Spatial maps and analyses have previously been used to present disease spread in pet dogs [22] and cats [23]. Some studies have used human demographic figures to predict overall populations of pet dogs [1,10,24] and cats [1,24], but these results were not used to give an overall spatial description of the population. A study of cat ownership in Australia [25] displays a spatial representation of the proportion of cat owners, but only in the Sydney area and predictive factors were not considered. In our study, we used predictive probabilities of socio-demographic factors to determine the population of households that own a pet. These methods, as a means of demonstrating spatial distribution of pet ownership, have not been described previously.

One of the most dominant features of the maps in Figures 1 and 2 is the contrast between the densities of households owning dogs in urban areas with that of rural areas. The density of dog owning households is much higher in urban than rural districts. However, the spatial patterns are clearly different when considering the spatial distribution of the proportion of dog owning households (Figure 3), with this proportion being lower in urban compared to rural districts. These same features are also dominant in the cat owning households of Ireland (Figure 4). Cat owning households are sparse in rural areas (Figure 2), but the proportion of cat owning households is higher in urban districts (Figure 4). These findings can be explained somewhat by the difference in the density of households throughout Ireland. The number of households in inner-city electoral divisions (EDs) was as high as 10,581 per ED, whereas rural EDs were as low as 23 per ED [26].

In the large urban areas of Dublin and Belfast, there is an increase in the proportion of pet dog owning households in suburban districts compared to inner-city districts. In the UK, dog ownership has been shown to be associated with the presence of a garden [1], which may offer some explanation for the differences observed here. Suburban households generally have greater access to gardens and open green areas such as parks compared to inner city dwellings. These regional differences in pet dog ownership should be considered when setting up facilities for dog owners, and also when implementing animal control practices like dog warden numbers and disease surveillance.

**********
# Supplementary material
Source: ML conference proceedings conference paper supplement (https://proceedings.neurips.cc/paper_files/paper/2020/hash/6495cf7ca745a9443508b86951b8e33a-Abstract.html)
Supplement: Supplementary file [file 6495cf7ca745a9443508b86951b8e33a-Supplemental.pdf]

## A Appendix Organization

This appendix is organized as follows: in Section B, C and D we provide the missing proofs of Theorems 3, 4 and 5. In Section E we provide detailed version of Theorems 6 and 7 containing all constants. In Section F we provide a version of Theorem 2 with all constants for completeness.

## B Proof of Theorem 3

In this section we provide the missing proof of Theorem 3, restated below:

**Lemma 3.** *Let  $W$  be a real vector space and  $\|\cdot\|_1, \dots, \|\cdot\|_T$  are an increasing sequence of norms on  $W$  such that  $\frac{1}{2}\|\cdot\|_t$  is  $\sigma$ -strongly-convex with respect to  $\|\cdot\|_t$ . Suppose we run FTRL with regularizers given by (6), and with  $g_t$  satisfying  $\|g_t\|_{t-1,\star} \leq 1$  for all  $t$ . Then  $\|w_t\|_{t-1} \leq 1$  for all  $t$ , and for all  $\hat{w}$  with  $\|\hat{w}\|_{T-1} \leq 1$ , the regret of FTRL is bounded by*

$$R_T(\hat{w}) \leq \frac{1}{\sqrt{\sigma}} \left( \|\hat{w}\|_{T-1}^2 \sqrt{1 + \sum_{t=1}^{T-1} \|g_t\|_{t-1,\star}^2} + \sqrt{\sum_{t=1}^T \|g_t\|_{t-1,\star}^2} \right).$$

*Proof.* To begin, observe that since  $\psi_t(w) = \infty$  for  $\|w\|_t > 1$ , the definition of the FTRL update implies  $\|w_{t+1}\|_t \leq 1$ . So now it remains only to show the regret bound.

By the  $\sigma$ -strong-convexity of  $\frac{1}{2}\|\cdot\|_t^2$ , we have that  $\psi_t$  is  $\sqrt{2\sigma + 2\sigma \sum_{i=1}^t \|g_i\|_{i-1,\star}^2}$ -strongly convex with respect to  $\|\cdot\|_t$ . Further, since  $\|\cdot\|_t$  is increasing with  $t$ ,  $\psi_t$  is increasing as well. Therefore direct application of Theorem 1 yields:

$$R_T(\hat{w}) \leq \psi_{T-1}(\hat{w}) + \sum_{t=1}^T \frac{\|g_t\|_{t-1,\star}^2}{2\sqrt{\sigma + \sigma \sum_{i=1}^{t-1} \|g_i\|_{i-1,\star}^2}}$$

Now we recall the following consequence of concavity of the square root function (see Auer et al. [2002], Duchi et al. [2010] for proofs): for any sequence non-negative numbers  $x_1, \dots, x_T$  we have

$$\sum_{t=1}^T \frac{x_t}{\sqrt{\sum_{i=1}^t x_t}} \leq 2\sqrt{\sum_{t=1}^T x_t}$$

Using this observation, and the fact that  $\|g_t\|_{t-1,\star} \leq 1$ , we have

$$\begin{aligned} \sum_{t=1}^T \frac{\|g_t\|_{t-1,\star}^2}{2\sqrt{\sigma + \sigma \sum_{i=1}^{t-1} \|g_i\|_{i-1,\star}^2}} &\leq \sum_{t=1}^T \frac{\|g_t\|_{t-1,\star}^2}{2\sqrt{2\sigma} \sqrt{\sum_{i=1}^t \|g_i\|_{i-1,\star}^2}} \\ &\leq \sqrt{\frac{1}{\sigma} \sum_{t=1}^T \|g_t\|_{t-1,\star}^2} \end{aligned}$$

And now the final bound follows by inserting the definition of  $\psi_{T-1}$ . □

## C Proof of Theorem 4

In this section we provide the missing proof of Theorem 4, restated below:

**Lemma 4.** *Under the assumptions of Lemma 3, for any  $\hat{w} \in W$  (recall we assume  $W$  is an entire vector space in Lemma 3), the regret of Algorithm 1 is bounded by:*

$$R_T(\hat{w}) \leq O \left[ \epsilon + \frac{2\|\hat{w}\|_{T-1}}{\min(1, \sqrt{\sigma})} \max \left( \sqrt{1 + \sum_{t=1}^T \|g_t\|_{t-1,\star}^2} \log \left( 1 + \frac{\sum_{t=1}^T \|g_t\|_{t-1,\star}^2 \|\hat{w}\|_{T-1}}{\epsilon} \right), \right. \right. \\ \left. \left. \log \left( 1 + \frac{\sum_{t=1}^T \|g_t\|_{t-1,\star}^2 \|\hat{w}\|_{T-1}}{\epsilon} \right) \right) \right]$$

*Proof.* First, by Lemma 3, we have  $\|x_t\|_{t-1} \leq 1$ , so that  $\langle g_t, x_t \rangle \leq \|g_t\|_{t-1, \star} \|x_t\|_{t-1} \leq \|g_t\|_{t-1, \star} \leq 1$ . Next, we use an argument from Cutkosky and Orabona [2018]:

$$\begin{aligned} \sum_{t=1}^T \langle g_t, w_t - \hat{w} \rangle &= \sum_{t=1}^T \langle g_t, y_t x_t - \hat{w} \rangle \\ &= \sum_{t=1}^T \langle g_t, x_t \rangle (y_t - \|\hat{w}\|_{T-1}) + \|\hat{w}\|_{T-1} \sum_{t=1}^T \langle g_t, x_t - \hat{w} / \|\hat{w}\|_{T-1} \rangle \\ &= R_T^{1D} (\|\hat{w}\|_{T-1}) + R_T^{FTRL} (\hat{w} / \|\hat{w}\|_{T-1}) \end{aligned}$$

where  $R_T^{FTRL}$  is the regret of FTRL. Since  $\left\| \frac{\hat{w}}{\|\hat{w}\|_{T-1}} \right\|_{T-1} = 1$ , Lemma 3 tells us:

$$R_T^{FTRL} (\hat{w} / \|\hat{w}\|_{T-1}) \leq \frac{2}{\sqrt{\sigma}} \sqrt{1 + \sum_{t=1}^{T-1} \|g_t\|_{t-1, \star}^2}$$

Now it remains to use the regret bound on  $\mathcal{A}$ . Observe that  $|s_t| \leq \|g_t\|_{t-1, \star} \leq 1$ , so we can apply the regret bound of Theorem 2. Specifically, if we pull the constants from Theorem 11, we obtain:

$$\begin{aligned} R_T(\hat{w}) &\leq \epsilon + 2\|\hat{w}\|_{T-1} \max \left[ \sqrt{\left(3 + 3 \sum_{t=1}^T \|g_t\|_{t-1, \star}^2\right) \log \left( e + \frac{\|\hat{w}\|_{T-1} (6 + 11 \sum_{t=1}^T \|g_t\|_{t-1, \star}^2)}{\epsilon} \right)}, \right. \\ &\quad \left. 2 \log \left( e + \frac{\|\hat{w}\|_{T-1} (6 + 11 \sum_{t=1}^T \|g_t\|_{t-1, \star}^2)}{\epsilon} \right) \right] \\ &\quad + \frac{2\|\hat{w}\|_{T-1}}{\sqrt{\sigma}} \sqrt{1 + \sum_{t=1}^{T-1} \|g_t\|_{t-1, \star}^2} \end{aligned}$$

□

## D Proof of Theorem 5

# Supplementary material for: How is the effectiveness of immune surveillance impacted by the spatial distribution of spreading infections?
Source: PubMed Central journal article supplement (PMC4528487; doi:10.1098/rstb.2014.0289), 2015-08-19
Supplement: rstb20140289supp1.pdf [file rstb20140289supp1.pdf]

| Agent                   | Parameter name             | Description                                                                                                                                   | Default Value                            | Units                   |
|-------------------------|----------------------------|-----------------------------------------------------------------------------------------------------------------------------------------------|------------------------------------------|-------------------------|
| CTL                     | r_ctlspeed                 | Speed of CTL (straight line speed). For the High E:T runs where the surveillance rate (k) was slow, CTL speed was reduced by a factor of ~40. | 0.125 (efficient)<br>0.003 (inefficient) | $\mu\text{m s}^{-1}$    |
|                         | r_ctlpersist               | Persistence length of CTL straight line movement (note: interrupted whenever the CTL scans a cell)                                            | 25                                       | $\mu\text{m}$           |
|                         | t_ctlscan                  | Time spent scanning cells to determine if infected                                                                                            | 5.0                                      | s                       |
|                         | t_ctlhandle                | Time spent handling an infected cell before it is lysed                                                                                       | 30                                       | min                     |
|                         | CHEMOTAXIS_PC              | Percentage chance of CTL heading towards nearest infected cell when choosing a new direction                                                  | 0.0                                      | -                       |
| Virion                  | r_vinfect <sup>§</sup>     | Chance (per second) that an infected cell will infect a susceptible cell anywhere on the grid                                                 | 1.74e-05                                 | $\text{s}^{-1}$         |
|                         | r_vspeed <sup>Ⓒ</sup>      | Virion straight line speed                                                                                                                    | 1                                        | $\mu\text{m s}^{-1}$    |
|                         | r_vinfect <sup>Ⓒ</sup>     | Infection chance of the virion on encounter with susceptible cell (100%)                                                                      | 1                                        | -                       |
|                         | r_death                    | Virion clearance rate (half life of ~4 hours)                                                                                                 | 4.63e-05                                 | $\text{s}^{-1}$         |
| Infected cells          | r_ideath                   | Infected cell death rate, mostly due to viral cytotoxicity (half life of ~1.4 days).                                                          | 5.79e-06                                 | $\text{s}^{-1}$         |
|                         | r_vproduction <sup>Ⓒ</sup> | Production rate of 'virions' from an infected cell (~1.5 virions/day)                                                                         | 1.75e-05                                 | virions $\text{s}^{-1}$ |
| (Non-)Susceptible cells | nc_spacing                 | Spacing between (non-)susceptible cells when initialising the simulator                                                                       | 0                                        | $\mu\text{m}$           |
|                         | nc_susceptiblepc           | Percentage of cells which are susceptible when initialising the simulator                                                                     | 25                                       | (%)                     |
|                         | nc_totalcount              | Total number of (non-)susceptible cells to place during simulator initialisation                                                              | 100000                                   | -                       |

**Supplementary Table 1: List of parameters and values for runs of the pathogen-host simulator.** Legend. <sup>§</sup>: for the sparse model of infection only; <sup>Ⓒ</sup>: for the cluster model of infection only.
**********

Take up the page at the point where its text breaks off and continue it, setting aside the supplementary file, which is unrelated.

In Ireland, most cats are adopted directly from the free-roaming population [21], which is likely to affect the spatial distribution of owned pet cats. The free-roaming population may be larger in suburban districts, given larger open spaces for cat colonies to form and greater access of free-roaming cats to houses through gardens. In inner-city apartment dwelling, access to households would be limited to ground floor apartments and there are fewer open spaces for colony formation.

This study was constrained by restricted access to census data as a consequence of data protection concerns [27]. Consequently, we were unable to predict pet ownership using more than one of the household factors that were previously identified as important [21]. Given this constraint, this study was conducted using household factors that were likely of greatest biological relevance to our study. Greater detail during mapping, and greater precision during estimation, would have been possible if all collected data had been available from the ROI and NI censuses. Also, projected estimates for NI household figures for 2006 were used instead of the actual census figures in 2001; as a consequence, there is less certainty about the 2006 NI (compared with ROI) estimates. The decision to use these figures was based on the aim to produce a uniform map reflecting the situation on the island of Ireland at a single point in time (namely, 2006). Spatial predictive probability modelling was of value in the current study, enabling us to utilise publicly available data, and to extrapolate results to both the surveyed and non-surveyed households.

Conclusions